Talking people into changing their minds or their behaviour.
30%Judgment and decision making
Figuring out the pros and cons of different options and choosing the best one.
30%Complex problem solving
Noticing a problem and figuring out the best way to solve it.
Figuring out the best way to teach or learn something new.
Watching gauges, dials, or other indicators to make sure a machine is working properly.
These are important topics, subjects or knowledge areas.
Word processing, managing files and records, stenography and transcription, designing forms, and other office work.
62%Customer and personal service
Understanding customer needs, providing good quality service, and measuring customer satisfaction.
English language including the meaning and spelling of words, rules of composition, and grammar.
47%Computers and electronics
Circuit boards, processors, chips, electronic equipment, and computer hardware and software, including applications and programming.
Arithmetic, algebra, geometry, calculus, or statistics.
31%Administration and management
Business principles involved in strategic planning, leadership, and coordinating people and resources.
31%Personnel and human resources
Recruiting and training people, managing pay and other entitlements (like sick leave), and negotiating pay and conditions.
30%Education and training
Curriculum and training design, teaching and instruction for individuals and groups, and the measurement of training effects.
30%Law and government
How our laws and courts work. Government rules and regulations, and the political system.
29%Public safety and security
Use of equipment, rules and ideas to protect people, data, property, and institutions.
25%Communications and media
Media production, communication, and dissemination. Includes written, spoken, and visual media.
Human behaviour; differences in ability, personality, and interests; learning and motivation; research methods; assessing and treating disorders.
17%Economics and accounting
Economics and accounting, the financial markets, banking and checking and reporting of financial data.
17%Sociology and anthropology
Group behaviour and dynamics, societal trends and influences, human migrations, ethnicity, cultures and their history and origins.
16%Therapy and counselling
Diagnosis, treatment, and rehabilitation of physical and mental dysfunctions, and career counselling and guidance.
14%Philosophy and theology
Philosophical systems and religions, including their basic principles, values, ethics, ways of thinking, customs, practices, and impact on society.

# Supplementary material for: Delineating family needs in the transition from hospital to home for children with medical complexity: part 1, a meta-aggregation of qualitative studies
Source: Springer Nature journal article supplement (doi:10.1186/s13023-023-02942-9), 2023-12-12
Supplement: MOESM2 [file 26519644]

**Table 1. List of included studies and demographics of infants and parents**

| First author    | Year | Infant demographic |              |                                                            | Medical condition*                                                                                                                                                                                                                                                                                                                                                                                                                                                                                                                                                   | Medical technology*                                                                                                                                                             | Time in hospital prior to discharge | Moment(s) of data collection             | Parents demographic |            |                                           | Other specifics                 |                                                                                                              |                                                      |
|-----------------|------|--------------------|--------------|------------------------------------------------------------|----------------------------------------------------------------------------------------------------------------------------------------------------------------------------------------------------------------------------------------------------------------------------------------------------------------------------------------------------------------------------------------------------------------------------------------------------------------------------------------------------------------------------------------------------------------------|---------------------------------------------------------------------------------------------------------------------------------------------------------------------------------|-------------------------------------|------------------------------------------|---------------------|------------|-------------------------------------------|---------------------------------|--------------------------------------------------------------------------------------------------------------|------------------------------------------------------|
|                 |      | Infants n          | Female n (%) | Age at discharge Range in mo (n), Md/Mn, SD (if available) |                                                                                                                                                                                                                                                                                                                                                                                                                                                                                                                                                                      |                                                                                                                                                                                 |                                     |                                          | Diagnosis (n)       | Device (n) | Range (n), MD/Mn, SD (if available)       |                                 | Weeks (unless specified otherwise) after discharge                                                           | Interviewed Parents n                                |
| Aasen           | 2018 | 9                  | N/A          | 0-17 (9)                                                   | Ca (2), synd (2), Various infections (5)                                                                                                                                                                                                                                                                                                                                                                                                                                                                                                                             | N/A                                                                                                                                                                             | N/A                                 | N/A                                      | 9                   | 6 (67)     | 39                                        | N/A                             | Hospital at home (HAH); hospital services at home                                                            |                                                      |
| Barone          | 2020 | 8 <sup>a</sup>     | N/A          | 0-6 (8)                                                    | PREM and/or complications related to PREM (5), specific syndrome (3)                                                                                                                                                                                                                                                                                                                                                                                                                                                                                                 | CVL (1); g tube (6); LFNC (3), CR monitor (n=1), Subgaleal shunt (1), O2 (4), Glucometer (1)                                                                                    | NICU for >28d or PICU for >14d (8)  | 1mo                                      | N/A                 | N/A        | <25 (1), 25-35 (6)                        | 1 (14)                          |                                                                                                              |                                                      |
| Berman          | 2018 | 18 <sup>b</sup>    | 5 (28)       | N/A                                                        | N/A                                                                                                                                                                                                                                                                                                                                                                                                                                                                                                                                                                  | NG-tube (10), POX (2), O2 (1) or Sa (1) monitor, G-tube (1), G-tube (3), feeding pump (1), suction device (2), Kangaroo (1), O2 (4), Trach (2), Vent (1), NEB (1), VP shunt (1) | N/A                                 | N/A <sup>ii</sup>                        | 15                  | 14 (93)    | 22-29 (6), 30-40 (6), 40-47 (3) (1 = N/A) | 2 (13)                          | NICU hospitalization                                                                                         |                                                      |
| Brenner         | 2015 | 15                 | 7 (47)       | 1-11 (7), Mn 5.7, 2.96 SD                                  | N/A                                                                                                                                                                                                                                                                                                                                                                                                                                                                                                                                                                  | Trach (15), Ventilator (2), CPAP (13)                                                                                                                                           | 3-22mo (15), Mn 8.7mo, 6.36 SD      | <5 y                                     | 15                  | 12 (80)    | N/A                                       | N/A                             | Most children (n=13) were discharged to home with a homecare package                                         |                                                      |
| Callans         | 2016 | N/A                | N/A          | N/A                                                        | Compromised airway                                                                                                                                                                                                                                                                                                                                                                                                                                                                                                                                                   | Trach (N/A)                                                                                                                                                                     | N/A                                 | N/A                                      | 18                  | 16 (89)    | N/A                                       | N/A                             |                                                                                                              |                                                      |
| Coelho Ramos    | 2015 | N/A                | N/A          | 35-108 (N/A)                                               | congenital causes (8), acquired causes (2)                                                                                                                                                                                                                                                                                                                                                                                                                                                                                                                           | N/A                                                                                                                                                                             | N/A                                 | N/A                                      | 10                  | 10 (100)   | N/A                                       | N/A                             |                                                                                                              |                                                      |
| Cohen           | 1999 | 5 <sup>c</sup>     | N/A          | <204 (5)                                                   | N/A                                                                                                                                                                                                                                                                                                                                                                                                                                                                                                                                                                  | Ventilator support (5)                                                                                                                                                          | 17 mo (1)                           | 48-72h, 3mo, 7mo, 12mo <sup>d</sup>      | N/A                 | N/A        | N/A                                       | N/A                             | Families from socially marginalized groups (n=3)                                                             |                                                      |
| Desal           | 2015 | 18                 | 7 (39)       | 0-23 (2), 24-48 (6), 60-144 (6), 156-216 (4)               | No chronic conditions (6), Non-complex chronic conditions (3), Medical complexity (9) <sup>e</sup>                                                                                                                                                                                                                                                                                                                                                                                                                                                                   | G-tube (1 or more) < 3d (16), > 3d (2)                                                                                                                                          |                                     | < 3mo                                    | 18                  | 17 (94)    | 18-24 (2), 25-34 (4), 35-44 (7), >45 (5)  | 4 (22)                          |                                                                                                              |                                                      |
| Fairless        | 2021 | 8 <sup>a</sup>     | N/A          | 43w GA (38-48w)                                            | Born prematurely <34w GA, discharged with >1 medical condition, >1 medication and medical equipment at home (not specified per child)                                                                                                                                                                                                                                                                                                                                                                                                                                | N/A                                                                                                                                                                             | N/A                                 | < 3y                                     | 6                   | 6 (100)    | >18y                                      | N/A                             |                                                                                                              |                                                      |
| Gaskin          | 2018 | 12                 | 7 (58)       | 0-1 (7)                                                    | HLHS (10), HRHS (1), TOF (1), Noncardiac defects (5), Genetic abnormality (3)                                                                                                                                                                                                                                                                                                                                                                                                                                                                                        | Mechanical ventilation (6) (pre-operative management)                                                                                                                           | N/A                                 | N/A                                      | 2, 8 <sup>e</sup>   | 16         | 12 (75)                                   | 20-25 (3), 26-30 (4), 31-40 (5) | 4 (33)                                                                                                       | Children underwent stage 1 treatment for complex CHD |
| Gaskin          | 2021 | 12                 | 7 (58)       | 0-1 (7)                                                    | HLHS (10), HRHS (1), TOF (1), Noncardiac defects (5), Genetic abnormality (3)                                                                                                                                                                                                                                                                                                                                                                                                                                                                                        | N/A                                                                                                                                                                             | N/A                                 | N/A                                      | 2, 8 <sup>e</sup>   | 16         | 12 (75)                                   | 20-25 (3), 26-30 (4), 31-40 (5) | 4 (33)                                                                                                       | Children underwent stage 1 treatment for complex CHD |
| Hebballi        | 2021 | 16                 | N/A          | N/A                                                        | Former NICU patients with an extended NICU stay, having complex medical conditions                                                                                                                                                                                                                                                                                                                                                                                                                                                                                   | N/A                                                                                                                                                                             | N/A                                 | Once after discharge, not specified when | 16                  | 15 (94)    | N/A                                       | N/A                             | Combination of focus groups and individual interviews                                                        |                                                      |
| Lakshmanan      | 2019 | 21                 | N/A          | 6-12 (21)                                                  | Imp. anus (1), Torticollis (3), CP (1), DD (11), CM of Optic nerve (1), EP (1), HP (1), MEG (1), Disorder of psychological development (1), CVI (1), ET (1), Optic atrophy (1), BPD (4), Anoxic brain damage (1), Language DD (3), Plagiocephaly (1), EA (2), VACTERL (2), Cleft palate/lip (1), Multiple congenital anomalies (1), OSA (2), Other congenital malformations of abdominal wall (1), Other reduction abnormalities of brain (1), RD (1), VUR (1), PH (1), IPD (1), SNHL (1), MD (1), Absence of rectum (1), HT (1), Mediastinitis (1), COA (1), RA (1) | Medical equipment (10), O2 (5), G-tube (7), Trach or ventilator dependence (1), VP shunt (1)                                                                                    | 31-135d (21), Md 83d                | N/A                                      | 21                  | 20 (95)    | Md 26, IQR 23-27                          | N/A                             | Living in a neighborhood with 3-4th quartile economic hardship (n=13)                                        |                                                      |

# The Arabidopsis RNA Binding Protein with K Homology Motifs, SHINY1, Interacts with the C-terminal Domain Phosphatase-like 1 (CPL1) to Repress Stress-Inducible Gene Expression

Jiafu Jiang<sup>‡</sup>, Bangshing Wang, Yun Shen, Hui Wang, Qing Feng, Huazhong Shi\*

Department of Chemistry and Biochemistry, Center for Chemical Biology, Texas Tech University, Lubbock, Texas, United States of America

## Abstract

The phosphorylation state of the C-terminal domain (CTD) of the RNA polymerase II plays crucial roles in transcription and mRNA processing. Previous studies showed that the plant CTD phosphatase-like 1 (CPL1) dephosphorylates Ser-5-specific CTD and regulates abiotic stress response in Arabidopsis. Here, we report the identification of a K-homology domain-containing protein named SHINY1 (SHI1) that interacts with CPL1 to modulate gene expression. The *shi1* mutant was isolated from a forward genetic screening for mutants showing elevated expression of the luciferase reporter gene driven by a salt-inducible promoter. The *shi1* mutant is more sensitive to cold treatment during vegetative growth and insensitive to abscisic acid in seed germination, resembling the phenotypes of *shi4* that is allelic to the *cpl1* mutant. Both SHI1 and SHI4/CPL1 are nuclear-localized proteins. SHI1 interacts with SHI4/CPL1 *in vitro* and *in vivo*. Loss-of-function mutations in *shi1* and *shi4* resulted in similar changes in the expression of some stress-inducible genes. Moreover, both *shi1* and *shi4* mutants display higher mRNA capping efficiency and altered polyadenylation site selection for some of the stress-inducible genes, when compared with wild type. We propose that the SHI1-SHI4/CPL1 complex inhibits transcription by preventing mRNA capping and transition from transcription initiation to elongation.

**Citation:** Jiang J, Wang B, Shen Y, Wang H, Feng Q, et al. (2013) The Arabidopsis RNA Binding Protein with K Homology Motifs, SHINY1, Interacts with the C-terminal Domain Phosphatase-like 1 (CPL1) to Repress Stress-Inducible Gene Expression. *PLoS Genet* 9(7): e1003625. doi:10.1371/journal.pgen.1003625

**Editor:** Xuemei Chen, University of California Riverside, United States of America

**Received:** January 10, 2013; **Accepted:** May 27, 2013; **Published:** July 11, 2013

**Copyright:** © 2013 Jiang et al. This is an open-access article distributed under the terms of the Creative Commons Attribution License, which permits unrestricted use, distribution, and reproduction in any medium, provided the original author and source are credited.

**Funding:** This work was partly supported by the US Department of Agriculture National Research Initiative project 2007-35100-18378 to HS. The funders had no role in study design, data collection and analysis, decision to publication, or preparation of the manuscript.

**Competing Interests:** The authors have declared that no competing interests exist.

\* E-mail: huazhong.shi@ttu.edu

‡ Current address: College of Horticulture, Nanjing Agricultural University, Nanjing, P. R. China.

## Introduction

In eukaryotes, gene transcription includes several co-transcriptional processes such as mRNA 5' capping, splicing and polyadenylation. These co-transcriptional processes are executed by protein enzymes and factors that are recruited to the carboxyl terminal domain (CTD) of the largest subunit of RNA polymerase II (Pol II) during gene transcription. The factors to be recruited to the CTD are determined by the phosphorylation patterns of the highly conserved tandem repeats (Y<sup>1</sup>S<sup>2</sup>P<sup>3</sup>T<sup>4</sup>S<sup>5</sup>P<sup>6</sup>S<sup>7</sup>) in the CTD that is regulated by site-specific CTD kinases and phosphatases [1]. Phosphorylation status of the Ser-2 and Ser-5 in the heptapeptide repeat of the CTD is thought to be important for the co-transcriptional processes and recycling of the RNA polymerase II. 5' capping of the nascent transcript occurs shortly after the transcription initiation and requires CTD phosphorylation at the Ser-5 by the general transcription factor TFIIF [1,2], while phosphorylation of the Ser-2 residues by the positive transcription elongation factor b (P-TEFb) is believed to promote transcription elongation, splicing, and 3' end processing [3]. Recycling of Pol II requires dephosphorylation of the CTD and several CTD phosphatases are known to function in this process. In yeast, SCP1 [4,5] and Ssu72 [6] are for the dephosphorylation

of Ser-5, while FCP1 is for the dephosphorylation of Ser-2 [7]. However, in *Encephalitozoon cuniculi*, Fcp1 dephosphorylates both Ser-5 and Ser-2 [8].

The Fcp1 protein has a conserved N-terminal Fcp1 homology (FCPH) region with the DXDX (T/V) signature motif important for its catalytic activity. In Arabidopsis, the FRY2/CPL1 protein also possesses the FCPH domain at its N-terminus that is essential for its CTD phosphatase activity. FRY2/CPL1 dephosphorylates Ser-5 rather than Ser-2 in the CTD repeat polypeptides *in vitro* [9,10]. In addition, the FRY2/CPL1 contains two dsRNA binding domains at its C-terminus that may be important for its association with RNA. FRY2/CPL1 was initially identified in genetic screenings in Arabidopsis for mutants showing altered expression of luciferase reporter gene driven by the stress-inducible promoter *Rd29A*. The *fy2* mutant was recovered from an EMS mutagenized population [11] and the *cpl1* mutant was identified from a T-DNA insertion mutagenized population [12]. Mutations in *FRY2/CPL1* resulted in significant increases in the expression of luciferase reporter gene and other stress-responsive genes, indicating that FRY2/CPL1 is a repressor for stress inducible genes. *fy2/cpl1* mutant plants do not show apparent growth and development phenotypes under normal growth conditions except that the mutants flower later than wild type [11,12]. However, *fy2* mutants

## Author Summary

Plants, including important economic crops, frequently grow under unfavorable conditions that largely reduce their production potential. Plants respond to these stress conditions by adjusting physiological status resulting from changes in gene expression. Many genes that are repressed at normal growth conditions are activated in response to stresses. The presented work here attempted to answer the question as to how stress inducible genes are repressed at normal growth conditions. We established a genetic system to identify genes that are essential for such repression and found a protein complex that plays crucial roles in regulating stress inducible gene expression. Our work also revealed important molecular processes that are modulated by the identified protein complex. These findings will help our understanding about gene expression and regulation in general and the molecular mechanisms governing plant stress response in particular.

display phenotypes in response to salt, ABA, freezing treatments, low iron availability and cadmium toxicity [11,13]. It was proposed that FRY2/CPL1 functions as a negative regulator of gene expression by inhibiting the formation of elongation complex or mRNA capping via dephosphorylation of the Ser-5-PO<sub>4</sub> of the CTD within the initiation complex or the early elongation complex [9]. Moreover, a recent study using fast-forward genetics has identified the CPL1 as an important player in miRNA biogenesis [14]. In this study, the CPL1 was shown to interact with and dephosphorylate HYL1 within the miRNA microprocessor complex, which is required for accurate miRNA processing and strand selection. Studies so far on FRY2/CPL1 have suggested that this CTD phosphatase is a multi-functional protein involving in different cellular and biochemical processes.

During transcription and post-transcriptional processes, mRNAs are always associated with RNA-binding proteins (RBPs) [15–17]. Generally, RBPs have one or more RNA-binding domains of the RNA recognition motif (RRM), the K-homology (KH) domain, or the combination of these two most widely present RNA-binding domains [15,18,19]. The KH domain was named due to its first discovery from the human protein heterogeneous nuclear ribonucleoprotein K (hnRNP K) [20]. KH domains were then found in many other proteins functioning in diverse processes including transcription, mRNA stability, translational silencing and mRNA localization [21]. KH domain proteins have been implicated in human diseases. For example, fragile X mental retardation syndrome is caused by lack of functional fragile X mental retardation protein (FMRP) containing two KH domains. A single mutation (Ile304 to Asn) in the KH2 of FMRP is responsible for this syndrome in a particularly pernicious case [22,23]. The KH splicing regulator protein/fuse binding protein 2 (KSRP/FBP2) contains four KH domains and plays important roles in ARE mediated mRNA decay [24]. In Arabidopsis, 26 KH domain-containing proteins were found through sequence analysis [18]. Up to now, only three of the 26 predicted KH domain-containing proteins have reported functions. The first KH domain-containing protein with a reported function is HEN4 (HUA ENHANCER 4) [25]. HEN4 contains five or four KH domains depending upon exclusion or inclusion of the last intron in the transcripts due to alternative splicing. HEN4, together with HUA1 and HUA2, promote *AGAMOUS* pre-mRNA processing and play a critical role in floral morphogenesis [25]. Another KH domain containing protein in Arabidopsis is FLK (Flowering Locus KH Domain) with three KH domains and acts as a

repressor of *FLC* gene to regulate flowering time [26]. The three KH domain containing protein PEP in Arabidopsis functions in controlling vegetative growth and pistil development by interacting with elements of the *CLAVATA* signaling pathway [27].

Foreign (non-English) language including the meaning and spelling of words, rules of composition and grammar, and pronunciation.
Describing land, sea, and air, including their physical characteristics, locations, how they work together, and the location of plant, animal, and human life.
12%Sales and marketing
Showing, promoting, and selling including marketing strategy, product demonstration, sales techniques, and sales control systems.
Transmission, broadcasting, switching, control, and operation of telecommunications systems.
Workers use these physical and mental abilities..
Listen to and understand what people say.
Communicate by speaking.
See details that are up-close (within a few feet).
Speak clearly so others can understand you.
Identify and understand the speech of another person.
Read and understand written information.
Write in a way that people can understand.
Come up with different ways of grouping things.
Notice when something is wrong or is likely to go wrong, even if you can't solve the problem.
Use general rules to find answers or solve problems logically.
Use lots of detailed information to come up with answers or make general rules.
41%Sorting or ordering
Order or arrange things in a pattern or sequence (e.g., numbers, letters, words, pictures, mathematical operations).
37%Flexibility of closure
See a pattern (a figure, object, word, or sound) hidden in other distracting material.
Pay attention to something without being distracted.
37%Working with numbers
Add, subtract, multiply, or divide.
Choose the right maths method or formula to solve a problem.
Use your eyes to quickly compare groups of letters, numbers, pictures, or other things.
Put together small parts with your fingers.
Come up with a number of ideas about a topic, even if the ideas aren't very good.
Do two or more things at the same time.
These are kinds of activities workers regularly do in this job.
68%Building good relationships
Building good working relationships and keeping them over time.
62%Planning and prioritising work
Deciding on goals and putting together a detailed plan to get the work done.
56%Communicating within a team
Giving information to co-workers by telephone, in writing, or in person.
54%Researching and investigating
Looking for, getting and understanding different kinds of information.
49%Documenting or recording information
Entering, transcribing, recording, storing, or maintaining information in written or electronic/magnetic form.
48%Keeping your knowledge up-to-date
Keeping up-to-date with technology and new ideas.
45%Collecting and organising information